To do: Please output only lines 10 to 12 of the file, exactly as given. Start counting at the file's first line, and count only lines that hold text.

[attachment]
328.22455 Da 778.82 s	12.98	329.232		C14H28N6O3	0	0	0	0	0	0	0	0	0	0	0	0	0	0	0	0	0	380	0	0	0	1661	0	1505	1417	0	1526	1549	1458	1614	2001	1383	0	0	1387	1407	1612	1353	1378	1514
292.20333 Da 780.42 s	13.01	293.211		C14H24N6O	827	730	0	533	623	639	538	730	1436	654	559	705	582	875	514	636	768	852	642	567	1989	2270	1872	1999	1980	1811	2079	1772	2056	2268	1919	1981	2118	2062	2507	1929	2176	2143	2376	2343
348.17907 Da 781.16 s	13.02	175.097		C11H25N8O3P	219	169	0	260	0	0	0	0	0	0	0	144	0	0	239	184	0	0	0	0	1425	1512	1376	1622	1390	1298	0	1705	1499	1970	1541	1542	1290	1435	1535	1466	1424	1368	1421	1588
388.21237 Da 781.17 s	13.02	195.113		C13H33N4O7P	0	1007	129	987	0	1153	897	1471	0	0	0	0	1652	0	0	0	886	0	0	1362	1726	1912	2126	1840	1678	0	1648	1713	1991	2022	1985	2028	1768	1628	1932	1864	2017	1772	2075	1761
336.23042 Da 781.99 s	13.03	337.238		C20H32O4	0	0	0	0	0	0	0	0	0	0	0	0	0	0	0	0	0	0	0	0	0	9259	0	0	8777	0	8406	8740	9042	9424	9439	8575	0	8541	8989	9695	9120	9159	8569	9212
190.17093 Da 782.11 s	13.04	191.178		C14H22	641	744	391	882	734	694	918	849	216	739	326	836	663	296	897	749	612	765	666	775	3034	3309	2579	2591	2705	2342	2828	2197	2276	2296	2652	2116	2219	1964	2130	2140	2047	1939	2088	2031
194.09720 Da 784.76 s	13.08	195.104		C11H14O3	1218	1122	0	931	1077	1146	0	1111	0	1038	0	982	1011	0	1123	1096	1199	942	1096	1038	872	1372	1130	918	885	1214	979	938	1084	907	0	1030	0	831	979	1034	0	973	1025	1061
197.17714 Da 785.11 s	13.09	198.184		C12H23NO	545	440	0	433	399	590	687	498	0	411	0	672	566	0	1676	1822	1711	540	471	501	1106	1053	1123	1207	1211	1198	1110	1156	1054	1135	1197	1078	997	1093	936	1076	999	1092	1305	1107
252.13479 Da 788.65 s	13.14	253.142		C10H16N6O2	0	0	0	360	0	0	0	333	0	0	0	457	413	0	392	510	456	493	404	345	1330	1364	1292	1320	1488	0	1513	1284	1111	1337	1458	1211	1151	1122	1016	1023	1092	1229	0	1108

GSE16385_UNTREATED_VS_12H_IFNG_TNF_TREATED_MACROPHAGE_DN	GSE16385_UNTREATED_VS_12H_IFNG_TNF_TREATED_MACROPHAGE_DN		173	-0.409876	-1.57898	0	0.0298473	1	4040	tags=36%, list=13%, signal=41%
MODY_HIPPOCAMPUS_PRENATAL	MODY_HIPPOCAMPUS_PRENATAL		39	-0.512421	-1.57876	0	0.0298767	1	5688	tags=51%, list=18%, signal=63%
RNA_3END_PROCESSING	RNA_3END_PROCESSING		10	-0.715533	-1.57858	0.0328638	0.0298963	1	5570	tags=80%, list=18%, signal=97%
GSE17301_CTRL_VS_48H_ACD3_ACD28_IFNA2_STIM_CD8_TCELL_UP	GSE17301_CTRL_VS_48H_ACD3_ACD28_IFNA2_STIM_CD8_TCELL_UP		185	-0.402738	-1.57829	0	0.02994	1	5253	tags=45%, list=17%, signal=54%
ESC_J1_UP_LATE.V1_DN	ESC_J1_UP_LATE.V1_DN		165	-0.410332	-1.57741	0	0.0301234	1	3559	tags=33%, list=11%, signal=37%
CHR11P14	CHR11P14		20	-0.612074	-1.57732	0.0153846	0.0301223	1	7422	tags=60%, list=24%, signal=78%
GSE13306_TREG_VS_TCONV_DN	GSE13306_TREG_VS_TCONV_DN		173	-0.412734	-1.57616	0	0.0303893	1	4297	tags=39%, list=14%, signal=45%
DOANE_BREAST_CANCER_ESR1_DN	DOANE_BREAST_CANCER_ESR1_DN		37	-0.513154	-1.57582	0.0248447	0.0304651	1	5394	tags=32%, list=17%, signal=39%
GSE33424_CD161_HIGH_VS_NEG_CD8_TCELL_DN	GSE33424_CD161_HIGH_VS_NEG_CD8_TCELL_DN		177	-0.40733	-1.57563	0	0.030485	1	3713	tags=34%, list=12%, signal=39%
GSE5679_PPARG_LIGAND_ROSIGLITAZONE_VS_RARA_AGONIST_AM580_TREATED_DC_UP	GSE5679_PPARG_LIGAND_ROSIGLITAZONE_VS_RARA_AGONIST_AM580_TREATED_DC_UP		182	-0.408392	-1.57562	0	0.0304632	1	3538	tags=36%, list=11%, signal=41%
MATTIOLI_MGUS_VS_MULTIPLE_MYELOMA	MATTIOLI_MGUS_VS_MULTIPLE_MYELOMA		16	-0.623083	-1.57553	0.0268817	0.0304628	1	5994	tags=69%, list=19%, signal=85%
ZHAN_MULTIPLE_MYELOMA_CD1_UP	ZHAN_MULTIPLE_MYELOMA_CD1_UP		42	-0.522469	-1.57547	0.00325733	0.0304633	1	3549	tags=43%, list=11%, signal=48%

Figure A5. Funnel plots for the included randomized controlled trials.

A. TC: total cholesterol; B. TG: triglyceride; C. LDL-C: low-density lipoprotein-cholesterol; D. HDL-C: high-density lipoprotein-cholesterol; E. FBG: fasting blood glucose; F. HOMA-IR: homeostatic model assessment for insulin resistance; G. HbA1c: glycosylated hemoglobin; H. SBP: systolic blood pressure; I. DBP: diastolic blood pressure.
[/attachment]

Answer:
GSE16385_UNTREATED_VS_12H_IFNG_TNF_TREATED_MACROPHAGE_DN	GSE16385_UNTREATED_VS_12H_IFNG_TNF_TREATED_MACROPHAGE_DN		173	-0.409876	-1.57898	0	0.0298473	1	4040	tags=36%, list=13%, signal=41%
MODY_HIPPOCAMPUS_PRENATAL	MODY_HIPPOCAMPUS_PRENATAL		39	-0.512421	-1.57876	0	0.0298767	1	5688	tags=51%, list=18%, signal=63%
RNA_3END_PROCESSING	RNA_3END_PROCESSING		10	-0.715533	-1.57858	0.0328638	0.0298963	1	5570	tags=80%, list=18%, signal=97%